Did you know that computer hackers hold conventions? I didn’t either, until I heard
a story on NPR while driving between errand stops on Saturday. The story pointed out recent high-profile electronic break-ins to the International Monetary Fund and Citibank, but then focused on the role of informants in policing cyberspace. To my rule-following sensibilities, it seems a bit reckless to advertise one’s status as a computer hacker by attending a convention, but on further reflection I realize that computer hackers are by definition rule-breakers. Except when one hacker informs on another.
At last year’s hacker convention in New York (I still think that’s funny. Are there bank robber conventions? Tax cheater conferences? Hotel-towel-stealer meetings? ) there was a session on informants who rat out fellow hackers to the FBI. One outraged conventioneer was heard shouting at an informant, “What you did is worse than treason. I think you belong in Guantanamo.” Fascinating.
The story also featured an interview with Kevin Mitnick, a talented hacker who had served a five-year prison sentence for computer fraud. Mitnick is now an information security consultant. I think that means he effortlessly hacks into databases to identify tempting gaps in security so that they can be closed. He said, “When I was a hacker it was all about pursuit of knowledge, getting a bite of the forbidden apple, so to speak…Today it’s all changed. I mean, the trend of hacking today is all profit….”
Just a new expression of a timeless desire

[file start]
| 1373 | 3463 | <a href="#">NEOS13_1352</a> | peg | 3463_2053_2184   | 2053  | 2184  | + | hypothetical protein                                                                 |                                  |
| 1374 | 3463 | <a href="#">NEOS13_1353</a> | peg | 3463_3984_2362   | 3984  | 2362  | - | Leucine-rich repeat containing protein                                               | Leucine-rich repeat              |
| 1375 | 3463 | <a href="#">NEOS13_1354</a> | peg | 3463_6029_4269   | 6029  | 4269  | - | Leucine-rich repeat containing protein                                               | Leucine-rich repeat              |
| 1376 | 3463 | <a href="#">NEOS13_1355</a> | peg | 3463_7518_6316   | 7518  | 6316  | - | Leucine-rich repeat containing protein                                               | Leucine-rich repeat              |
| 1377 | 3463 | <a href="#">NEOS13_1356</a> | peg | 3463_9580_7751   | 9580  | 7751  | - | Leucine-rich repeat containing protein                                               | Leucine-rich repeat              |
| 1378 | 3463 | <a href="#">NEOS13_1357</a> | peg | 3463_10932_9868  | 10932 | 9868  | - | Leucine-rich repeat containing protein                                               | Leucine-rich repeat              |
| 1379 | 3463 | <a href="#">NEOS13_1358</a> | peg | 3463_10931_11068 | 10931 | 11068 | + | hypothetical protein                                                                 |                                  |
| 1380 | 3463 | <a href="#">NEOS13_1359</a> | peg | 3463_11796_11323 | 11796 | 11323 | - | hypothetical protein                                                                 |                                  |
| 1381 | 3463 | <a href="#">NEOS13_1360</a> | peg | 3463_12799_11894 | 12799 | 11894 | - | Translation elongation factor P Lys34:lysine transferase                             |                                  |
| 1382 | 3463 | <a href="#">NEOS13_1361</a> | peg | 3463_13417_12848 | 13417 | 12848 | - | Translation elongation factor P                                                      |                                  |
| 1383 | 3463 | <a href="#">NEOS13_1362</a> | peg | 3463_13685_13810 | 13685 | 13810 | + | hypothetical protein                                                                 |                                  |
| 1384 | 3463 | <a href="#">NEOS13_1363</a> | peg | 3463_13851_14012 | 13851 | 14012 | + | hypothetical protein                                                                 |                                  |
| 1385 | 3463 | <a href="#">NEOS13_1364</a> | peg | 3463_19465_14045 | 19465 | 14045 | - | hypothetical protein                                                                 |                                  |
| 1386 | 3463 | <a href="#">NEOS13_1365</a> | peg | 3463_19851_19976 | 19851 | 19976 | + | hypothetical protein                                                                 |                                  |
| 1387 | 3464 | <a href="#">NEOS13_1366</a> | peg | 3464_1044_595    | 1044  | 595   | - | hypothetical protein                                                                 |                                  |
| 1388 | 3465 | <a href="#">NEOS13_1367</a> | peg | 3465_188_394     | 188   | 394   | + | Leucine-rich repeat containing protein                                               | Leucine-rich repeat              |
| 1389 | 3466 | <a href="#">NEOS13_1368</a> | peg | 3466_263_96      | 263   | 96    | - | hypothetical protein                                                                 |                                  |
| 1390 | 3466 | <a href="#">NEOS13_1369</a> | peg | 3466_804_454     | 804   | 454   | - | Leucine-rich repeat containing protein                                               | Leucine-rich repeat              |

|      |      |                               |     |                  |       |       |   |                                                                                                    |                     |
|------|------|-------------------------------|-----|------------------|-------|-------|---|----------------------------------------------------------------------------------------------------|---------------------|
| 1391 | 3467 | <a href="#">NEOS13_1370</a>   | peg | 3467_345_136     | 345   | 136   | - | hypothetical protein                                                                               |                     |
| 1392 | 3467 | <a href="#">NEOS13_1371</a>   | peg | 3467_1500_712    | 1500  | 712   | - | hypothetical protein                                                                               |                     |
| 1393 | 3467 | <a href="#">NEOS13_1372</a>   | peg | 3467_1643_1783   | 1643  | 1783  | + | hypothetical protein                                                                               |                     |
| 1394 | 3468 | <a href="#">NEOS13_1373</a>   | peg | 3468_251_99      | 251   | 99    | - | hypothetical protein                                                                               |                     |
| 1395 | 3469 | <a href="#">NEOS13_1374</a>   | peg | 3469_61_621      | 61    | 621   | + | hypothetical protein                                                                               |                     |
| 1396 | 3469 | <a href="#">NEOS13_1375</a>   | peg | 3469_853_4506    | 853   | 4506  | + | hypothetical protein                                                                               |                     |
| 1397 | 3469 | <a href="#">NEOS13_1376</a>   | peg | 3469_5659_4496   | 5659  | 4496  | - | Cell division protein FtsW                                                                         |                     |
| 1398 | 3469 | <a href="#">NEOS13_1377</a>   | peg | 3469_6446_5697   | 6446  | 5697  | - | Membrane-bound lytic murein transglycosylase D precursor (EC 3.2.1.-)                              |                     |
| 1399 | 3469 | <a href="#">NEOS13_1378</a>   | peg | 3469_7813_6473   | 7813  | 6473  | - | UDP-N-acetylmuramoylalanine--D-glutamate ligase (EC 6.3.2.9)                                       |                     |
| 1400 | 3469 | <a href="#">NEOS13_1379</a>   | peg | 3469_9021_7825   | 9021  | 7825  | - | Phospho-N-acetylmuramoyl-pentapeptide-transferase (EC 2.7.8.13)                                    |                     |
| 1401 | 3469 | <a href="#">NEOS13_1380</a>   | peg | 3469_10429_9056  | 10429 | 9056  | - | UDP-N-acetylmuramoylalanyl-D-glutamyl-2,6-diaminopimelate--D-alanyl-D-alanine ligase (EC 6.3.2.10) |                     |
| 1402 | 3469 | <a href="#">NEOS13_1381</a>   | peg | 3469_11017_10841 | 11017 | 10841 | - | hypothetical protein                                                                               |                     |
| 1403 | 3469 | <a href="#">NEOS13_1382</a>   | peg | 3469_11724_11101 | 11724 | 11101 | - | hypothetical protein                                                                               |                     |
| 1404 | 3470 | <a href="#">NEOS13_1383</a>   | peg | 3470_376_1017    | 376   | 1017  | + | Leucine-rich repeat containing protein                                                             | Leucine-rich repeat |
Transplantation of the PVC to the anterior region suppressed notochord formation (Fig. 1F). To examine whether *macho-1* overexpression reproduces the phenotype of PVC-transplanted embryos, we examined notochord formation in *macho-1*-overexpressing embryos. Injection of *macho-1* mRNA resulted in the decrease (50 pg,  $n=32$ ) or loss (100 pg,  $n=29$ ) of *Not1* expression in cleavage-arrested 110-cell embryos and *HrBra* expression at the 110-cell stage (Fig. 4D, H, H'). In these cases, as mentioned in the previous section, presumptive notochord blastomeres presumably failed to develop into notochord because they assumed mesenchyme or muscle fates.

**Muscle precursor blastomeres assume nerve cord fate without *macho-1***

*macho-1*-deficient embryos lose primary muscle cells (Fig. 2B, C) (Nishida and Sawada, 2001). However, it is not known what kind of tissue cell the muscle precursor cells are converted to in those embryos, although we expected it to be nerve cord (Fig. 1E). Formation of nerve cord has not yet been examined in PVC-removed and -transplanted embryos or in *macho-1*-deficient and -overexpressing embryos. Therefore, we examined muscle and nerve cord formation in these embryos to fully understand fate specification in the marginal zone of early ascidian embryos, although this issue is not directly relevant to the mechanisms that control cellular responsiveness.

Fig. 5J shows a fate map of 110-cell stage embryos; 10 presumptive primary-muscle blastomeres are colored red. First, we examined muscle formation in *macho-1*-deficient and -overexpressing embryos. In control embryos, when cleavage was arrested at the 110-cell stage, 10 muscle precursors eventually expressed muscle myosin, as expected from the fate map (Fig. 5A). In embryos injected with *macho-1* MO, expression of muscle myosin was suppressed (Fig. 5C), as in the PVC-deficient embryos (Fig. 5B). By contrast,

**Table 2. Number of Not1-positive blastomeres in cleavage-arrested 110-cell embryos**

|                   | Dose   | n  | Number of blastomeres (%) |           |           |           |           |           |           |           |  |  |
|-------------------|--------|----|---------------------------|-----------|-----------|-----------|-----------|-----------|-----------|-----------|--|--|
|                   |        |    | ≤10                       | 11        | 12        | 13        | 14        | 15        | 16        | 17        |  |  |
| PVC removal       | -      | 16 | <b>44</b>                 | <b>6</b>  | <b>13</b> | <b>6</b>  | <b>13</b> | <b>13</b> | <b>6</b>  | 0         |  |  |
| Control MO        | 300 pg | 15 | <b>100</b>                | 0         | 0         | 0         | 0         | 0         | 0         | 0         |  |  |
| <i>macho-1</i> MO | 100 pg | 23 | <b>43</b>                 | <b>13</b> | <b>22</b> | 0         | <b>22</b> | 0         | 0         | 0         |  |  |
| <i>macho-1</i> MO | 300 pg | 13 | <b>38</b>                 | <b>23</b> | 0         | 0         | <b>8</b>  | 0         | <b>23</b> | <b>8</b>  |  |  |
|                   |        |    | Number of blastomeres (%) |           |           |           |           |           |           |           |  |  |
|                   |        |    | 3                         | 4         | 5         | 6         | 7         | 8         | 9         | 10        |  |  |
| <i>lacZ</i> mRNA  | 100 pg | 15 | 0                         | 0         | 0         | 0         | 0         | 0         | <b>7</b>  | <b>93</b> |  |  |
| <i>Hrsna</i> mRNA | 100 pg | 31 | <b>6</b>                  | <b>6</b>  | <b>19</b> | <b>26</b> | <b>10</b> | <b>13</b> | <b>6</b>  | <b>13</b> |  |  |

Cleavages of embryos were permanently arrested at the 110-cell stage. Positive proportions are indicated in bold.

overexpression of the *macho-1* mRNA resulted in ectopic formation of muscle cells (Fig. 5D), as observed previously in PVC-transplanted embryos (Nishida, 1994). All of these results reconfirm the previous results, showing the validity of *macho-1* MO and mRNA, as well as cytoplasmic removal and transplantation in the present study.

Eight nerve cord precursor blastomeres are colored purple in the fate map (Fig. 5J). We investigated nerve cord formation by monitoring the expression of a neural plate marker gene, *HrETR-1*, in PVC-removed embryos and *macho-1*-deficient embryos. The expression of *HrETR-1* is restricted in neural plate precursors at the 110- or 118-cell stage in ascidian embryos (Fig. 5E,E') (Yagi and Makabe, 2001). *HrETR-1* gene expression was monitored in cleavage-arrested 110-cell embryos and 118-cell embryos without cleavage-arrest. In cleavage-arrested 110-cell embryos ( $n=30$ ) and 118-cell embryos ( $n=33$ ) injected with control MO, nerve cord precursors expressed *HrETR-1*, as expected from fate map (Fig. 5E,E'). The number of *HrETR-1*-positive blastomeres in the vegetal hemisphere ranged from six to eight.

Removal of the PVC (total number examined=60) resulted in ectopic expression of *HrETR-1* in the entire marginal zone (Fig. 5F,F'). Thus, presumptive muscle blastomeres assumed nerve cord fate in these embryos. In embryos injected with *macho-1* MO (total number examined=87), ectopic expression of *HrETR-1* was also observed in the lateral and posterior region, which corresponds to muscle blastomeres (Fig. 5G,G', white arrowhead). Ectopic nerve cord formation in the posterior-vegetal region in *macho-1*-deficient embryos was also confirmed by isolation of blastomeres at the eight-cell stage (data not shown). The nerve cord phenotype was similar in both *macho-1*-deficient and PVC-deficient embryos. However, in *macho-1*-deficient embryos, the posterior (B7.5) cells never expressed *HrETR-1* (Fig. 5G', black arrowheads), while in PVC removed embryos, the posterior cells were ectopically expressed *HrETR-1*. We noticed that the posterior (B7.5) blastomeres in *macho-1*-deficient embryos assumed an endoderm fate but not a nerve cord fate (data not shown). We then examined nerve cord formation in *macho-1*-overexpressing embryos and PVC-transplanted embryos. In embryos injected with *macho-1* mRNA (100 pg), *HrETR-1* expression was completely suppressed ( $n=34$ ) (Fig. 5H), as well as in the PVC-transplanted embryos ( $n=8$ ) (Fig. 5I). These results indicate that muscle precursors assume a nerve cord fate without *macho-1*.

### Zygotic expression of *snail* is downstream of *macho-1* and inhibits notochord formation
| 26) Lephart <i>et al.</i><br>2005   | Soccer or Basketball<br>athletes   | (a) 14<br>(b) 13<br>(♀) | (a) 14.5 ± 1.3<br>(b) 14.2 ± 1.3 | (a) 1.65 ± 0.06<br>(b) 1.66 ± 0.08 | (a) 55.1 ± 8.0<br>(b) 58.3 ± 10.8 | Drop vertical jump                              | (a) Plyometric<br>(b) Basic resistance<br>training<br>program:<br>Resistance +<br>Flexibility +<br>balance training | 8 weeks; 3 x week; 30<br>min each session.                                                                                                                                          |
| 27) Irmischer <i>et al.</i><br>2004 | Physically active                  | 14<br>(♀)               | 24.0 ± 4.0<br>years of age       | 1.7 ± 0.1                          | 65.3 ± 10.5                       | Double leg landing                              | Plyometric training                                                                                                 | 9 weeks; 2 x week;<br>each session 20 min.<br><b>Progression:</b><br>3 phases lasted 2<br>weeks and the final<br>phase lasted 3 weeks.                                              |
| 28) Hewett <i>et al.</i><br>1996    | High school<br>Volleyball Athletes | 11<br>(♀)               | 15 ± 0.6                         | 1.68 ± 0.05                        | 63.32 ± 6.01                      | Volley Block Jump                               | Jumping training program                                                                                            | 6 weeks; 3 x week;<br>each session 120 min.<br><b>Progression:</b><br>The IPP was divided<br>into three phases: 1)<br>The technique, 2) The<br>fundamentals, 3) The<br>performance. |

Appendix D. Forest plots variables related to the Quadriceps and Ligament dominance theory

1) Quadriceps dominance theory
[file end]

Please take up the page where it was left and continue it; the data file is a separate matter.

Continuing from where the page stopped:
Nothing has changed. Knowledge that has been declared off-limits by the knowledge holder has always been seductively attractive. A computer hacker with free access to more on-line information than any one person can possibly handle will fixate on protected data. A baby crawling among dozens of entertaining age-appropriate toys will doggedly return to the remote control or the iPad or the telephone. Two people named Adam and Eve lived in a perfect environment and liberally enjoyed a variety of luscious fruit, until they insisted on tasting the one that was forbidden.
They thought the hidden knowledge would benefit them, instead it confused them. They were told it would make them more like God, but it distanced them from Him. They thought it would be satisfying, but it left them unfulfilled and frustrated. Like the baby stuck in a playpen for his own safety and the hacker behind prison bars, Adam and Eve and all of humanity after them have been imprisoned by our insistence on knowing what we were not meant to know.
The human race is like a big hacker convention, making our own rules and expressing indignation when they are violated, never recognizing the incongruity of enforcing our ethical standards while blatantly disregarding God’s or of attempting to appropriate his knowledge while rejecting Him.
Hope for Hackers
Thankfully, God did not send an informant from some heavenly bureau of investigation into our midst to trap us in our sin. No need for that; he knows it all anyway. He sent Jesus, not to put us behind bars but to free us from our self-imposed cages. He is the full revelation of God, therefore, in Him is all the knowledge we really need.
What kind of off-limits knowledge do you desire? I often want to understand the “why” of things that don’t make sense to me. I am tantalized by provocative passages in the Bible that raise more questions than provide answers. Does our fascination with the unknown keep us from fully understanding and following that which has been made clearly known?
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